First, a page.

### use of colon and jump

I came across this piece of code. I don't get how the second definition of function a works

 ``1234567`` ``````int a(int x, int y) { foobar(x, y); b:u = a:x + 1; b:v = a:y + 2; jump b; }``````

What is the colon for and what is jump?

Here is the context.

An example in pseudo-C follows. Suppose we have the following functions:

 ``123456789101112`` ``````int a(int x, int y) { foobar(x, y); return b(x + 1, y + 2); } int b(int u, int v) { foobar(u, v); return u + v; }``````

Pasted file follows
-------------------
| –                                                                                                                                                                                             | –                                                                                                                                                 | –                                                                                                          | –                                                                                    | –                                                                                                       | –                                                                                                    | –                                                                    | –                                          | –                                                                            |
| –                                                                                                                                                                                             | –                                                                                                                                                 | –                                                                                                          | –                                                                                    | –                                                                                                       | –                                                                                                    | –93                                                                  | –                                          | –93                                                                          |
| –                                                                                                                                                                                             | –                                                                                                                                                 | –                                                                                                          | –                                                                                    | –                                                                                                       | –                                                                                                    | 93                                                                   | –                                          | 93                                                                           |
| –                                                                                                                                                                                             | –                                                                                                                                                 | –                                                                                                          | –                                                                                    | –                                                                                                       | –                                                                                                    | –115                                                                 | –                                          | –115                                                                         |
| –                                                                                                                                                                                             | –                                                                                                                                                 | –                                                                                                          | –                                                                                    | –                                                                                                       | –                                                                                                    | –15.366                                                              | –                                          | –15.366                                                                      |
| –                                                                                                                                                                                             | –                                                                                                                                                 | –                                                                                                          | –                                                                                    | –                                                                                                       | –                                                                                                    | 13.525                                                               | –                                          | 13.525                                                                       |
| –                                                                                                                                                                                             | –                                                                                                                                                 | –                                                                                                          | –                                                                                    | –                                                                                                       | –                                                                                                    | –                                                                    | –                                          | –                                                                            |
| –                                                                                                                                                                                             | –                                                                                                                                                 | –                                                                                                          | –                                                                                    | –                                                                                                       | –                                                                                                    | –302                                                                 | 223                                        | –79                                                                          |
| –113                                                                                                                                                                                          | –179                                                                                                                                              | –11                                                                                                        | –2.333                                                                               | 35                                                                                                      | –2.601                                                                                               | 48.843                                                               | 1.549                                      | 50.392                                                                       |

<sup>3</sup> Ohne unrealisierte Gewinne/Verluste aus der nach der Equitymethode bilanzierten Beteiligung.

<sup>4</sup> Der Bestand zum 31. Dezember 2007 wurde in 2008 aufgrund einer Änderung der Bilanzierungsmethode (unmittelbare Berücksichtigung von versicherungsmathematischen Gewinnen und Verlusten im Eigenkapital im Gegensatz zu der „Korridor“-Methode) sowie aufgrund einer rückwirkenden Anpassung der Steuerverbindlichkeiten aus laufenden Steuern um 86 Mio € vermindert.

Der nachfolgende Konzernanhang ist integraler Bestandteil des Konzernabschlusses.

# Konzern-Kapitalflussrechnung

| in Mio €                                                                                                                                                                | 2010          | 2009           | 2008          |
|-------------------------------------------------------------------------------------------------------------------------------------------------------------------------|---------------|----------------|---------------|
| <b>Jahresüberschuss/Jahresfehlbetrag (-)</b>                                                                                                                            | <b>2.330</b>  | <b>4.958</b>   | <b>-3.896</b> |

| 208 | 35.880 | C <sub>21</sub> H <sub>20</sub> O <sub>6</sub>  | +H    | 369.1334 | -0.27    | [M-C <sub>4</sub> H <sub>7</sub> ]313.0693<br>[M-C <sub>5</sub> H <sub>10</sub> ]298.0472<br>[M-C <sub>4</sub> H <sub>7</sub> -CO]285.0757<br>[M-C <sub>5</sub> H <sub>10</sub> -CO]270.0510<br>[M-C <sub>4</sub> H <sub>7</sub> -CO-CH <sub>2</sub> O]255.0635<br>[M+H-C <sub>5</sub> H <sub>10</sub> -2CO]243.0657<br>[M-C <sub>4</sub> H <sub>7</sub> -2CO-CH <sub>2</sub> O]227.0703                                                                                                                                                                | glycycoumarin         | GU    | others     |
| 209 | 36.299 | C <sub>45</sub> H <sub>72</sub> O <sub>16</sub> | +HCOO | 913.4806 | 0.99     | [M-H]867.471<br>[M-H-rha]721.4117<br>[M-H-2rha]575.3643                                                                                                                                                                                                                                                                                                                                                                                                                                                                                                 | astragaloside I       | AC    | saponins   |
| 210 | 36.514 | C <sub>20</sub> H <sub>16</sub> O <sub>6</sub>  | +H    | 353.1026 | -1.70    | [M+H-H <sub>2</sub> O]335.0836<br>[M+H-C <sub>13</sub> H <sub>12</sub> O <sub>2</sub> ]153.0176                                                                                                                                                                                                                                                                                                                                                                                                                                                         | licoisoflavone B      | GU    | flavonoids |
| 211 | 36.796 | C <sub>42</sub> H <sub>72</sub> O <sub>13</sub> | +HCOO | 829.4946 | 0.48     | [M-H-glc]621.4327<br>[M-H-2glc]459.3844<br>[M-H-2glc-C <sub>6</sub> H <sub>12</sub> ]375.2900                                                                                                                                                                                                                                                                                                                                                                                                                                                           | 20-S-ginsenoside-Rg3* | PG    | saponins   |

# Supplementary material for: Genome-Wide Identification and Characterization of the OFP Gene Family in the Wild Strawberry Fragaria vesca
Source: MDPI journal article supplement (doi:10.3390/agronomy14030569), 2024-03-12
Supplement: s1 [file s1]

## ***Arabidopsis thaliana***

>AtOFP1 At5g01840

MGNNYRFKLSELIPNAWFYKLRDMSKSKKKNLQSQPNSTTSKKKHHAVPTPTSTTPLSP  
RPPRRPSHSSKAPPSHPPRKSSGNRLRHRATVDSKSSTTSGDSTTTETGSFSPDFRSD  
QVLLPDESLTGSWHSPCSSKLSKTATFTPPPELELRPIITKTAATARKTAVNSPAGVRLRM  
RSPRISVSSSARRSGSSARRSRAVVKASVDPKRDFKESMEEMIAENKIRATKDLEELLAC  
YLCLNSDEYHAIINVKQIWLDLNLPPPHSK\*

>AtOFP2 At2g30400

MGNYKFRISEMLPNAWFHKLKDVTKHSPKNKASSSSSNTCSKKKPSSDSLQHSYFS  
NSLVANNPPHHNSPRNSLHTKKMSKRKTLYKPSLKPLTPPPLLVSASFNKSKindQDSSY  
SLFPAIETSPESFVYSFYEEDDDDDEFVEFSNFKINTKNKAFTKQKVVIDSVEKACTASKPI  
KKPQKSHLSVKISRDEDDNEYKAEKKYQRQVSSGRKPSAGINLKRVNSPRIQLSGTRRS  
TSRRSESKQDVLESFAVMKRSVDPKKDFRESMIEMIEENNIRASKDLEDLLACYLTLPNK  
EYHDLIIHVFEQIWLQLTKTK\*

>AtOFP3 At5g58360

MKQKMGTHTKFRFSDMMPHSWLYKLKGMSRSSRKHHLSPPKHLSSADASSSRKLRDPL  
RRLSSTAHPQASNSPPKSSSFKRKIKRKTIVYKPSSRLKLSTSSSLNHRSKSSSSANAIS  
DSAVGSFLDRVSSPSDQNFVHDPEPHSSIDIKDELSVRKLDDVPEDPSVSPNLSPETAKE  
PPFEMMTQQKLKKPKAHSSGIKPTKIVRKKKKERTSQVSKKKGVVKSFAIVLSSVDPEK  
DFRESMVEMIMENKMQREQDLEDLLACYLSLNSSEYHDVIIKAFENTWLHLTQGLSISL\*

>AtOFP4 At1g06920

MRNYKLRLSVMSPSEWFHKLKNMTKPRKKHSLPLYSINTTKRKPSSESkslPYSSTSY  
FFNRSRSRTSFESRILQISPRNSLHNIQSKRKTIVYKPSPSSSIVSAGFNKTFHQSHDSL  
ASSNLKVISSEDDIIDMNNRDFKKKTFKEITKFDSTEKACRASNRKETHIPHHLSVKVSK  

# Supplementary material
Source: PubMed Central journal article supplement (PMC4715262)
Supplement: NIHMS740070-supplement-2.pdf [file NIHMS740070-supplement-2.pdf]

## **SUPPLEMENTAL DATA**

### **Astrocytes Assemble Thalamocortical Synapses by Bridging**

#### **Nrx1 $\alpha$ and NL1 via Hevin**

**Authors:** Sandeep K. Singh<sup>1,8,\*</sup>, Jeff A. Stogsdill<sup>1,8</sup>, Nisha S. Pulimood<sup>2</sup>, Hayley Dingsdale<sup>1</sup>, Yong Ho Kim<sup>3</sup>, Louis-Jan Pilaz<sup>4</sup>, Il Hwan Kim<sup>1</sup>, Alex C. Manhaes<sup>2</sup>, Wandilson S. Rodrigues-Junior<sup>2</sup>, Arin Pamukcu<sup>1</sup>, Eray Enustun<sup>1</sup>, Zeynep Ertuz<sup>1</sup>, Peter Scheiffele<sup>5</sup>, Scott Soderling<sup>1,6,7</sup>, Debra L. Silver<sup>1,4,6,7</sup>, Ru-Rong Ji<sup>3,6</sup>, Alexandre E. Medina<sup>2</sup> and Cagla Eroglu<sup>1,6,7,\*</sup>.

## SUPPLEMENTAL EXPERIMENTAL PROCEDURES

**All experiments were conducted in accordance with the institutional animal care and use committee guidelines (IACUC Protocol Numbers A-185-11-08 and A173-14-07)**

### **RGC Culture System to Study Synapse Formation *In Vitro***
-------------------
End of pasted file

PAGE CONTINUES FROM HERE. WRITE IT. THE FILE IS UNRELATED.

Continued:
Function a can be changed to:

 ``1234567`` ``````int a(int x, int y) { foobar(x, y); b:u = a:x + 1; b:v = a:y + 2; jump b; }``````

The first code is not C or C++.

I guess that `function-name : variable-name` is used to access the variable of the function. Not sure if only parameters can be used this way.

`b:u = a:x + 1;`
This probably sets the u argument of function b to the value of x+1.

`b:v = a:y + 2;`
This sets the v argument of function b to the value of y+2.

It might not be possible to have recursive functions in this language because it looks like the function arguments are set globally (tail recursion could work).
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